Democratic vice-presidential candidate John Edwards sees "two Americas."
Edwards, at the Democratic National Convention, said, "Let me talk about why we need to build one America. I saw up close what having two Americas does to our country. From the time I was very young, I saw the ugly face of segregation and discrimination. I saw young African-American kids sent upstairs in movie theaters. I saw 'white only' signs on restaurant doors and luncheon counters. I feel such an enormous responsibility when it comes to issues of race and equality and civil rights."
Illinois Democratic senatorial candidate Barack Obama, however, gave a stirring speech at the Democratic National Convention in which he saw but one America: "There's not a black America and white America and Latino America and Asian America; there's the United States of America. The pundits like to slice and dice our country into red states and blue states; red states for Republicans, blue states for Democrats. But I've got news for them, too. We worship an awesome God in the blue states, and we don't like federal agents poking around our libraries in the red states. We coach Little League in the blue states and have gay friends in the red states."
But at a recent campaign stop in Kansas, Edwards' "two Americas" suddenly morphed into one. "For all those politicians and pollsters who say, 'Wait a minute, why are you taking one valuable day to come back to Kansas to campaign? Kansas is a red state.' To John Kerry and I (sic), there is no red state, there is no blue state, there is only one United States of America."
"Documentarian" Michael Moore, in fact, recently likened the Iraqi resistance to the American Revolution: "The Iraqis who have risen up against the occupation are not 'insurgents' or 'terrorists' or 'The Enemy.' They are the REVOLUTION, the Minutemen, and their numbers will grow -- and they will win." Comedienne/activist Janeane Garofalo said that 9/11 caused a persecution of Arab-Americans. "A lot of these people that jumped on that slam-the-Dixie-Chicks bandwagon, these are people that just are misogynists, or just are people that hate, or people that are just racists -- you know, Arab is the new black now. I mean it's like let's just hate Arabs, so they write hate mail . . . "
Sen. Tom Harkin, D-Iowa, himself a former presidential candidate, recently called Dick Cheney a "coward." Why? Cheney dared take issue with Kerry's position -- such as it is -- in the war on terror. "When I hear this coming from Dick Cheney," said Harkin, "who was a coward, who would not serve during the Vietnam War, it makes my blood boil. . . . Those of us who served and those of us who went in the military don't like it when someone like a Dick Cheney comes out and he wants to be tough. Yeah, he'll be tough. He'll be tough with somebody else's blood, somebody else's kids. But not when it was his turn to go."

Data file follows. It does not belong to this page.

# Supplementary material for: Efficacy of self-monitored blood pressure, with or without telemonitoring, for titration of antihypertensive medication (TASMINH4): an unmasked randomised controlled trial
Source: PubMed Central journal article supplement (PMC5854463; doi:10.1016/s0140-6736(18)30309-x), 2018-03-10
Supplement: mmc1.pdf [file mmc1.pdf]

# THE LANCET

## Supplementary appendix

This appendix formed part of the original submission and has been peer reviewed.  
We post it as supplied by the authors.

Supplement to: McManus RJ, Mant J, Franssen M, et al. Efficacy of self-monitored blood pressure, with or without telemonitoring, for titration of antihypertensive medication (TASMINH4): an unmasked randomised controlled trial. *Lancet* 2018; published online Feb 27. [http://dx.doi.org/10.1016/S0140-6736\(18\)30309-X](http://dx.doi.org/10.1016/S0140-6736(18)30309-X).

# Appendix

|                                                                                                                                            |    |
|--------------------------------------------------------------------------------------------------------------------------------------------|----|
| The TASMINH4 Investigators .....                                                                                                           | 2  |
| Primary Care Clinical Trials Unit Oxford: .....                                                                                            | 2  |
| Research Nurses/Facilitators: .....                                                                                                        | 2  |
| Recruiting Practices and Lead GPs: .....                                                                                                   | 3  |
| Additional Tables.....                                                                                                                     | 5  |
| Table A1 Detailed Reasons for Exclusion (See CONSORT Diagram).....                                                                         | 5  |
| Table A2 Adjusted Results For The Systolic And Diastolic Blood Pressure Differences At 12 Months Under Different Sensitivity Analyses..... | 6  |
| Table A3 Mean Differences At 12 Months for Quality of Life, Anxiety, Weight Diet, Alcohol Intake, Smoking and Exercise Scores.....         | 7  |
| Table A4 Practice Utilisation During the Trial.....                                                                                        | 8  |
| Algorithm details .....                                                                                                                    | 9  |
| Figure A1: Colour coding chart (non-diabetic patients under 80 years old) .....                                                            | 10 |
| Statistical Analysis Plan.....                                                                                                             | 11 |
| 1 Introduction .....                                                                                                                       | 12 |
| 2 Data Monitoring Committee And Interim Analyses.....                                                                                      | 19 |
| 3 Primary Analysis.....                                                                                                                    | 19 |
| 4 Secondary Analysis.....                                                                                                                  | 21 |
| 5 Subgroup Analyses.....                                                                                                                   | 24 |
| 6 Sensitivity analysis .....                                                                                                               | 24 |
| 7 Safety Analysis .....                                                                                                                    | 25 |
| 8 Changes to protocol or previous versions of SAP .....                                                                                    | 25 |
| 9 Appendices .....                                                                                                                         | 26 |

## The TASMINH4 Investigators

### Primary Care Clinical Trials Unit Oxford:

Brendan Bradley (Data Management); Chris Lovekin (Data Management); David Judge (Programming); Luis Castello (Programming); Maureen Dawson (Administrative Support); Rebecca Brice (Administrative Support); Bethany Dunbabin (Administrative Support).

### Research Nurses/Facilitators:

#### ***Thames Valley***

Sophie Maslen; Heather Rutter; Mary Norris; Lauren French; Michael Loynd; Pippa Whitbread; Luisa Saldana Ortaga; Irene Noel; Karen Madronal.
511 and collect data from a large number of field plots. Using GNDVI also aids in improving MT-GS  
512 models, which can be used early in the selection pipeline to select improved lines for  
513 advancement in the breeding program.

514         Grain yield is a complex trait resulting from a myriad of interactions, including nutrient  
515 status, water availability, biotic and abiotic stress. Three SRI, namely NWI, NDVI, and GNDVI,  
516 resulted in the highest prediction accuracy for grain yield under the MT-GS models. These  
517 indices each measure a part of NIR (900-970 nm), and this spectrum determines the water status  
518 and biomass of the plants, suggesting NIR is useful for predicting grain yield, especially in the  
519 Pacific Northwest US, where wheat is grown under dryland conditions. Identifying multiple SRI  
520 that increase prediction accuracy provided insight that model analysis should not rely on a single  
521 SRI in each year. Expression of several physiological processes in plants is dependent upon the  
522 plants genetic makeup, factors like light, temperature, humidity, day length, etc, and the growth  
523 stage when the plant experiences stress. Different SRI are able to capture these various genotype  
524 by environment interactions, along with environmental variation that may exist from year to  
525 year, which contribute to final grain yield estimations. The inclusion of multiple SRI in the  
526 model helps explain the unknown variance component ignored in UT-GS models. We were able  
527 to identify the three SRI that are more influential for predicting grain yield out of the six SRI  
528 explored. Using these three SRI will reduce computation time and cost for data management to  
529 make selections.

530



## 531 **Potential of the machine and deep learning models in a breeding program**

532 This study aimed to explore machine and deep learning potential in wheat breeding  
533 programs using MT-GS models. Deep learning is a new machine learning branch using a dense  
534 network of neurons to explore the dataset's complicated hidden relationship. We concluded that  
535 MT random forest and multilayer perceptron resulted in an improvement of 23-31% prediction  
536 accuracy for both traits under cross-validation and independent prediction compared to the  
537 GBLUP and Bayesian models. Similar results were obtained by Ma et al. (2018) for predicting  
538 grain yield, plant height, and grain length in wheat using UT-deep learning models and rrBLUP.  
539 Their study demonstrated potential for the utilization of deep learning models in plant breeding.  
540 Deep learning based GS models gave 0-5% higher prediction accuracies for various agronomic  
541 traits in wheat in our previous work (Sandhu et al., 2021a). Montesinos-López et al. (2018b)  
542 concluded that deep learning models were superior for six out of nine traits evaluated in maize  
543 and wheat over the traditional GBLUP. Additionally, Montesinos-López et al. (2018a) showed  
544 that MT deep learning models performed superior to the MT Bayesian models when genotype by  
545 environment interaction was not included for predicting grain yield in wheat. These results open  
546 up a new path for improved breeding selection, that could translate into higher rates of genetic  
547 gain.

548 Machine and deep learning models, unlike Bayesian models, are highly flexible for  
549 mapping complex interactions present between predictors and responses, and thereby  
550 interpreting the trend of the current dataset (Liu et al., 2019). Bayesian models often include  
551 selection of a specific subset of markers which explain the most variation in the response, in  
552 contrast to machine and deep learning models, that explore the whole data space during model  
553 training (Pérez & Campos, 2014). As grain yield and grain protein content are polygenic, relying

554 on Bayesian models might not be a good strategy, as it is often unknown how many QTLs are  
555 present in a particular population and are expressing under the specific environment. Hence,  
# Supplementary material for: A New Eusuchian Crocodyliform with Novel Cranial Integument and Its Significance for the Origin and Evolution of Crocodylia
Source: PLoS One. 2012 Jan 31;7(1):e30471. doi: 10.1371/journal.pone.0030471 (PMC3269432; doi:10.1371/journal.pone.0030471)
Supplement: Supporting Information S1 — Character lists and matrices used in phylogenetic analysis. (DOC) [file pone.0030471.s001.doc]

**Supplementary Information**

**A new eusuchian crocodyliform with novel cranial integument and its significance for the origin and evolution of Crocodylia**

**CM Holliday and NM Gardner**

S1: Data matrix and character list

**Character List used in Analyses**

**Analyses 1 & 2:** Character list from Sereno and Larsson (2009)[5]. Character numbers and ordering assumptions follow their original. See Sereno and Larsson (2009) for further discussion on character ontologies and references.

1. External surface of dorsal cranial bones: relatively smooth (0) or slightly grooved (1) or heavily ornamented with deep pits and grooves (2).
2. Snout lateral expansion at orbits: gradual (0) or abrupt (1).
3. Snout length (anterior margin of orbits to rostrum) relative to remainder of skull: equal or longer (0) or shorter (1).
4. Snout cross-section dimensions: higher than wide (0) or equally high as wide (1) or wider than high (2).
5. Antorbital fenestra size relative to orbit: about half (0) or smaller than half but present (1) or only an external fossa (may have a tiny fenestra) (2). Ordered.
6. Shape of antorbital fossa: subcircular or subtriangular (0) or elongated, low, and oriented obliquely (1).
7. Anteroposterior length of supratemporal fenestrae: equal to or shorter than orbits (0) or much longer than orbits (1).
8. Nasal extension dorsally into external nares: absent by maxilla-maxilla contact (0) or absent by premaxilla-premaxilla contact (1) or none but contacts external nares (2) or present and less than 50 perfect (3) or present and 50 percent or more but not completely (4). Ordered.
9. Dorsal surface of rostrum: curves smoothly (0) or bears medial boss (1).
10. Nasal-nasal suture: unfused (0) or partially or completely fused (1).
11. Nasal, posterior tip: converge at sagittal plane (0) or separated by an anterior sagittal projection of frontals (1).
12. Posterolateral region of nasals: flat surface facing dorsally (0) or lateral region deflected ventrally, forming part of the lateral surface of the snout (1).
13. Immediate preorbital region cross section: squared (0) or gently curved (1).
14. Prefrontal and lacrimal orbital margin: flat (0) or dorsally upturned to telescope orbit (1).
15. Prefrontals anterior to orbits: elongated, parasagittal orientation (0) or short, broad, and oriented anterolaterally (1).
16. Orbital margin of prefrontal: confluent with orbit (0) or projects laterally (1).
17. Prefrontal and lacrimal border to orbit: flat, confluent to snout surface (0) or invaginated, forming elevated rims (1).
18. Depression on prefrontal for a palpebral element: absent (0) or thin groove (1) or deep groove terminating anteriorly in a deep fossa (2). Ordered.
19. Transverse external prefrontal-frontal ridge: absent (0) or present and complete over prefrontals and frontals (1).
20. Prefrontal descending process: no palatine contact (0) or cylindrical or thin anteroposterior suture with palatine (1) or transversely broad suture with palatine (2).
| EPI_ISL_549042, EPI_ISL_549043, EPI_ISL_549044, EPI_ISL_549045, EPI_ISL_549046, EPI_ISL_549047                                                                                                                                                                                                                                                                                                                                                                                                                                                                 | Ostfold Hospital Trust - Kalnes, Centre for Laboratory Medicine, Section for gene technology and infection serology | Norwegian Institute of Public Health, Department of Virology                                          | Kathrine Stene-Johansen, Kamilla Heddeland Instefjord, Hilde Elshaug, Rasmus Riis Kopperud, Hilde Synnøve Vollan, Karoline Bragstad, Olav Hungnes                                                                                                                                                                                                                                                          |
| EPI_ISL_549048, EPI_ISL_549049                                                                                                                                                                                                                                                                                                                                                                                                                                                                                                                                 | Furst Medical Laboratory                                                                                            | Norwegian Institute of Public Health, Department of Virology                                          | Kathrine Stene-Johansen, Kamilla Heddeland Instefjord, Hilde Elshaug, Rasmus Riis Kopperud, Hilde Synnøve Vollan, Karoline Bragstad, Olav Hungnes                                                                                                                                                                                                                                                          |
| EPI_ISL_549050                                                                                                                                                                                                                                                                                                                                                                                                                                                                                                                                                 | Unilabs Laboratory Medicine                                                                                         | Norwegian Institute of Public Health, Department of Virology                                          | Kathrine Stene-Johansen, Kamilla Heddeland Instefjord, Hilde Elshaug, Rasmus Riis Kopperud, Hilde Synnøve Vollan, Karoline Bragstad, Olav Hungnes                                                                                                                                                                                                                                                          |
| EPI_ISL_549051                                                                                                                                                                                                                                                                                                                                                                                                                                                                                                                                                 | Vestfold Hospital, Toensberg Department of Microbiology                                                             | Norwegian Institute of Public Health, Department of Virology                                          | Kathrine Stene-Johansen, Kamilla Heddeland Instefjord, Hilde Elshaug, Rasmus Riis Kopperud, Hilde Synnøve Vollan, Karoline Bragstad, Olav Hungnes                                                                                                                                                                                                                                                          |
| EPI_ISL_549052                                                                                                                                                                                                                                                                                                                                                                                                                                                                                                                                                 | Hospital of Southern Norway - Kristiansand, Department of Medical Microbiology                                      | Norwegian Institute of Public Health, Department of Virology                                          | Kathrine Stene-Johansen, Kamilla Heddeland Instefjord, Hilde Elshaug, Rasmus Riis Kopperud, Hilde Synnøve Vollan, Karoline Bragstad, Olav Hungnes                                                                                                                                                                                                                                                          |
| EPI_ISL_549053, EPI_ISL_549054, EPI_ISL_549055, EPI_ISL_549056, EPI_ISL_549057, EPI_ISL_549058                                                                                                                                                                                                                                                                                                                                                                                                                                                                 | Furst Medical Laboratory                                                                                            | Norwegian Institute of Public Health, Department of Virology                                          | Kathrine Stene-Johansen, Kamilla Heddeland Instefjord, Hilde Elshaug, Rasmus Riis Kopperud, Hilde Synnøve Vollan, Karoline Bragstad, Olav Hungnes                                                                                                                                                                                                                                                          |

For a window into that worldview, take George W. Bush's recent campaign stop in Santa Monica, Calif., one of the most liberal cities in the country. My producer, Les Siegel, explored the logic of some anti-Bush protesters:
Protester No. 1:
Question: What does your sign say?
Answer: "Bush, You're Fired!" He only has three more months left, and I'm so happy.
Question: Do you want Kerry to win?
Answer: Oh, yeah. Bush is a dictator and he's a fascist, and he's just destroying America, and everything that Americans believe is ruined because of him.
Question: How is he a dictator?
Answer: Because he's going around murdering innocent people, lying to everybody, and it's all for his own profit . . . putting money in his own pocket.
Question What's his biggest lie?
Answer: With the war? Actually him being president, number one. He cheated. His brother Jeb got him into office. And his father, give me a break, come on. He has to go because he's the worst president alive. ("Or dead, too," someone in the background faintly added.)
Protester No. 2:
Question: What does your sign say?
Answer: "Stop the war -- Bring home the troops now."
Question: Why are you protesting?
Answer: I've been around for 70 years, and I've never seen a president as immoral as Bush. I think he's the worst in my memory.
Yes, we have two Americas.
On the one hand, we have Americans -- even those who refuse to support Bush -- who see the president as a decent human being attempting to do the right thing. On the other hand, we have the almost pathological we-hate-Bush chorus whose high-profile members include the Michael Moore-Al Franken-Janeane Garofalo-types. They seem to despise Bush more than Osama bin Laden.